Post-Colonial Composition Pedagogy: Using The Cultures of Marginalized Students To Teach Writing marks the beginning of a major paradigm shift in composition. It focuses on assessing current writing pedagogies/praxises and implementing more characteristics that are culturally-based for minority students and educators. By making these assessments, educators recognize and gain an appreciation for oppressed students’ culture and social discourse. And, ultimately, educators implement culturally-based literature, language, music, history, and art into the teaching methodology in order for students to gain an identity in academia consumed mostly by Colonialism and Neocolonialism literature. Influences by renowned Post-colonialist scholars should serve as theoretical frameworks for Post-colonial Composition Pedagogies (i.e. Edward Said’s Orientalism, Gayatri Spivak’s Subaltern, Homi Bhabha’s Hybridity, etc.) (qtd in. Neo Hybrid Pedagogy in Postcolonialism Composition). This book’s underpinnings, the first of its kind in the discourse, serve as a major paradigm shift in composition studies for both marginalized students and educators locally, nationally, and internationally.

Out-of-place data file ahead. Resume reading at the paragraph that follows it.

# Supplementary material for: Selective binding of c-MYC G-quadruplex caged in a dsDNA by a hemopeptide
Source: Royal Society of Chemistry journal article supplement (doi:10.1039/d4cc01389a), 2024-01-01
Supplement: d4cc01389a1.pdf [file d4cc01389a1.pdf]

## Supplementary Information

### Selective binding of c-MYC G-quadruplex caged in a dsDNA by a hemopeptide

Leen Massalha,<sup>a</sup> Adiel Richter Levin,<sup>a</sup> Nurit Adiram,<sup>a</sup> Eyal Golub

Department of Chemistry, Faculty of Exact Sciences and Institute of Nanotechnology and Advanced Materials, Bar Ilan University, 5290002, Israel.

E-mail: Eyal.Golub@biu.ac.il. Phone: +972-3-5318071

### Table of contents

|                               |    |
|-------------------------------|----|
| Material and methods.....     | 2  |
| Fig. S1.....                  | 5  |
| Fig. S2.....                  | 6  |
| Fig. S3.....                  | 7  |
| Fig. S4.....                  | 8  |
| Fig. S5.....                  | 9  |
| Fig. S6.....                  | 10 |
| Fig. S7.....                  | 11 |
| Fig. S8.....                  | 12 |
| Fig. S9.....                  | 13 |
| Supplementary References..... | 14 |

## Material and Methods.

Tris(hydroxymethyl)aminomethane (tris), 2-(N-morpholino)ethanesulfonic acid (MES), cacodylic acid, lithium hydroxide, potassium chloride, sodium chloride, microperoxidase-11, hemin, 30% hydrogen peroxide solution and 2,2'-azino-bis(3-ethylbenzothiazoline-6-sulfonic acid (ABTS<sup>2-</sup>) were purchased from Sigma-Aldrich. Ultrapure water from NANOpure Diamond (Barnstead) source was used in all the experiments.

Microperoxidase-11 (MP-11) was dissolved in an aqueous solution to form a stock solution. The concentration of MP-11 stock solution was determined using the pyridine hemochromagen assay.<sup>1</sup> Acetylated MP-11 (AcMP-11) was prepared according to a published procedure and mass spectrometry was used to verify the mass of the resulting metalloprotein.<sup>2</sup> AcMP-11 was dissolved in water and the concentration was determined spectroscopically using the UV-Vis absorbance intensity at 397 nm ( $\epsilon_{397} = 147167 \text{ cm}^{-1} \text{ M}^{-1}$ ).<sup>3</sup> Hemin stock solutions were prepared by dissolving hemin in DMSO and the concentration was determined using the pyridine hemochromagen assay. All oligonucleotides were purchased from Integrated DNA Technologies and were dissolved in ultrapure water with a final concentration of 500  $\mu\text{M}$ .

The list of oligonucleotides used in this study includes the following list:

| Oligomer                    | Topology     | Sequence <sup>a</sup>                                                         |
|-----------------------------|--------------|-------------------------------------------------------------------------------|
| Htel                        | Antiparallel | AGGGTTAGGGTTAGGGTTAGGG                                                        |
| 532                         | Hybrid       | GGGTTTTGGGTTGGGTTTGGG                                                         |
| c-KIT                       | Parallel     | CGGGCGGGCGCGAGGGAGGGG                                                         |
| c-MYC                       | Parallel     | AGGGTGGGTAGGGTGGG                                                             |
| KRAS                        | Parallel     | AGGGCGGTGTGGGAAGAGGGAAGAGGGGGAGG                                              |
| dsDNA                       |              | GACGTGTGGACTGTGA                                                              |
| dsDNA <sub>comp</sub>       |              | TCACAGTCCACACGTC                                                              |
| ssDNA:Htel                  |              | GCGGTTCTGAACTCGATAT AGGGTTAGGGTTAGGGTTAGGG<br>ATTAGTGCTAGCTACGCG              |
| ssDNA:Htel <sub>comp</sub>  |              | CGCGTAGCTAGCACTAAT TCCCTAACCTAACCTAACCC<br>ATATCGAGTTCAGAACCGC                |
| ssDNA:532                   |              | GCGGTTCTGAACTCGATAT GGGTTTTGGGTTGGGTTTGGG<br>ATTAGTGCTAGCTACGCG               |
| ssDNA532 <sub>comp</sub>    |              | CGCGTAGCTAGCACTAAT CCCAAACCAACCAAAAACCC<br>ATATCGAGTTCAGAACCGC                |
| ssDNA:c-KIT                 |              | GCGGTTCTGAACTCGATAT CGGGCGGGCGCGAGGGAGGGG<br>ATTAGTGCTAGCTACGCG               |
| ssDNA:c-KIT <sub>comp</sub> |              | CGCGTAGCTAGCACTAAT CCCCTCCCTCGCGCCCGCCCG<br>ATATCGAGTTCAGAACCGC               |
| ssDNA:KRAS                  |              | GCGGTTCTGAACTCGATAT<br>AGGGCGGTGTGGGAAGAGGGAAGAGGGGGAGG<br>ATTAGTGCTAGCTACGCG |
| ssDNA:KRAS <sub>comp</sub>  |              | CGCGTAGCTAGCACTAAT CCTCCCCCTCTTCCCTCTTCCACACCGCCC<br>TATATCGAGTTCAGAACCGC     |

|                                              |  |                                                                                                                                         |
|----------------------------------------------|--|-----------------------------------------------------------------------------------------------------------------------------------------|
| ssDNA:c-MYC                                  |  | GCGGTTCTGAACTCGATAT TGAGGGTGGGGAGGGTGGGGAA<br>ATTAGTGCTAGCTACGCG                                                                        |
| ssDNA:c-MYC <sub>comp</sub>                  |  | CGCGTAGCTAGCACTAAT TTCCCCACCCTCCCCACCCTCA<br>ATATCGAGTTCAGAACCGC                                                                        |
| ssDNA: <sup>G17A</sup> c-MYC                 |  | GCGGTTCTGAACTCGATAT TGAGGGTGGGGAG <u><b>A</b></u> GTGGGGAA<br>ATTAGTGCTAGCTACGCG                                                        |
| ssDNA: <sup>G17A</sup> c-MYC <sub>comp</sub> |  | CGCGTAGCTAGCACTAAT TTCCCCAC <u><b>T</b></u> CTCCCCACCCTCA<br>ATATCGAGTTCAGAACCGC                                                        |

Dr. Akassi is the editor of Post-Colonial Composition Pedagogy, a ground-breaking collection of essays that address and challenge every teacher of English composition who is committed to preventing a cultural underclass of writers of the English language. She is an Assistant Professor of English at Virginia Union University and the author of Neo Hybrid Pedagogy in Post Colonialism Composition: An Investigation On Writing Portfolios For African American Students.
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